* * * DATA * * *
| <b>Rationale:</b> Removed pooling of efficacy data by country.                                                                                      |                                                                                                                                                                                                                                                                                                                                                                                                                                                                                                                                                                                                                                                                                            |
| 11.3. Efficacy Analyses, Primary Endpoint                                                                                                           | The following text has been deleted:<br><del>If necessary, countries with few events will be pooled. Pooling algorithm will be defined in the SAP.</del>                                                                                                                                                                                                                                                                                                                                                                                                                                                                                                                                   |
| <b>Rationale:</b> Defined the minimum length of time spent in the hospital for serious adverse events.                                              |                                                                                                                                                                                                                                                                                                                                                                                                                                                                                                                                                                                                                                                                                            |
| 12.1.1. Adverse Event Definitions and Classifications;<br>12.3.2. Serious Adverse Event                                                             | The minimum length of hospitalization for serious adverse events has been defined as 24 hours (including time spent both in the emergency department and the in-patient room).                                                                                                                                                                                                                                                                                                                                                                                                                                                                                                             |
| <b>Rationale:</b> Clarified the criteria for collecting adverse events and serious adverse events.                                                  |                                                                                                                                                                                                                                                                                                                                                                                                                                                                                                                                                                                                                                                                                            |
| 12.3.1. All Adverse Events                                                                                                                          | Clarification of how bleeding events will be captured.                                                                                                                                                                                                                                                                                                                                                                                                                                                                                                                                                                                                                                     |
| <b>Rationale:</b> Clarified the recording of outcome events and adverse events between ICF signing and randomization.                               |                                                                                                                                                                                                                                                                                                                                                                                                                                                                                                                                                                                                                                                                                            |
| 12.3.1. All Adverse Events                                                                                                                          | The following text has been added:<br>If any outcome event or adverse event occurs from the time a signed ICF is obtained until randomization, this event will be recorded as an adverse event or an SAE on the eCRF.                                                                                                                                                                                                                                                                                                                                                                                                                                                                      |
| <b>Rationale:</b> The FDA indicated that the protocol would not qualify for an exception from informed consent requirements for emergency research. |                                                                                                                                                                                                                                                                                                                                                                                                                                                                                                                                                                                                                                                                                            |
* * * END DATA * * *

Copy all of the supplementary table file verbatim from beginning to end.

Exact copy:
| <b>Rationale:</b> Removed pooling of efficacy data by country.                                                                                      |                                                                                                                                                                                                                                                                                                                                                                                                                                                                                                                                                                                                                                                                                            |
| 11.3. Efficacy Analyses, Primary Endpoint                                                                                                           | The following text has been deleted:<br><del>If necessary, countries with few events will be pooled. Pooling algorithm will be defined in the SAP.</del>                                                                                                                                                                                                                                                                                                                                                                                                                                                                                                                                   |
| <b>Rationale:</b> Defined the minimum length of time spent in the hospital for serious adverse events.                                              |                                                                                                                                                                                                                                                                                                                                                                                                                                                                                                                                                                                                                                                                                            |
| 12.1.1. Adverse Event Definitions and Classifications;<br>12.3.2. Serious Adverse Event                                                             | The minimum length of hospitalization for serious adverse events has been defined as 24 hours (including time spent both in the emergency department and the in-patient room).                                                                                                                                                                                                                                                                                                                                                                                                                                                                                                             |
| <b>Rationale:</b> Clarified the criteria for collecting adverse events and serious adverse events.                                                  |                                                                                                                                                                                                                                                                                                                                                                                                                                                                                                                                                                                                                                                                                            |
| 12.3.1. All Adverse Events                                                                                                                          | Clarification of how bleeding events will be captured.                                                                                                                                                                                                                                                                                                                                                                                                                                                                                                                                                                                                                                     |
| <b>Rationale:</b> Clarified the recording of outcome events and adverse events between ICF signing and randomization.                               |                                                                                                                                                                                                                                                                                                                                                                                                                                                                                                                                                                                                                                                                                            |
| 12.3.1. All Adverse Events                                                                                                                          | The following text has been added:<br>If any outcome event or adverse event occurs from the time a signed ICF is obtained until randomization, this event will be recorded as an adverse event or an SAE on the eCRF.                                                                                                                                                                                                                                                                                                                                                                                                                                                                      |
| <b>Rationale:</b> The FDA indicated that the protocol would not qualify for an exception from informed consent requirements for emergency research. |                                                                                                                                                                                                                                                                                                                                                                                                                                                                                                                                                                                                                                                                                            |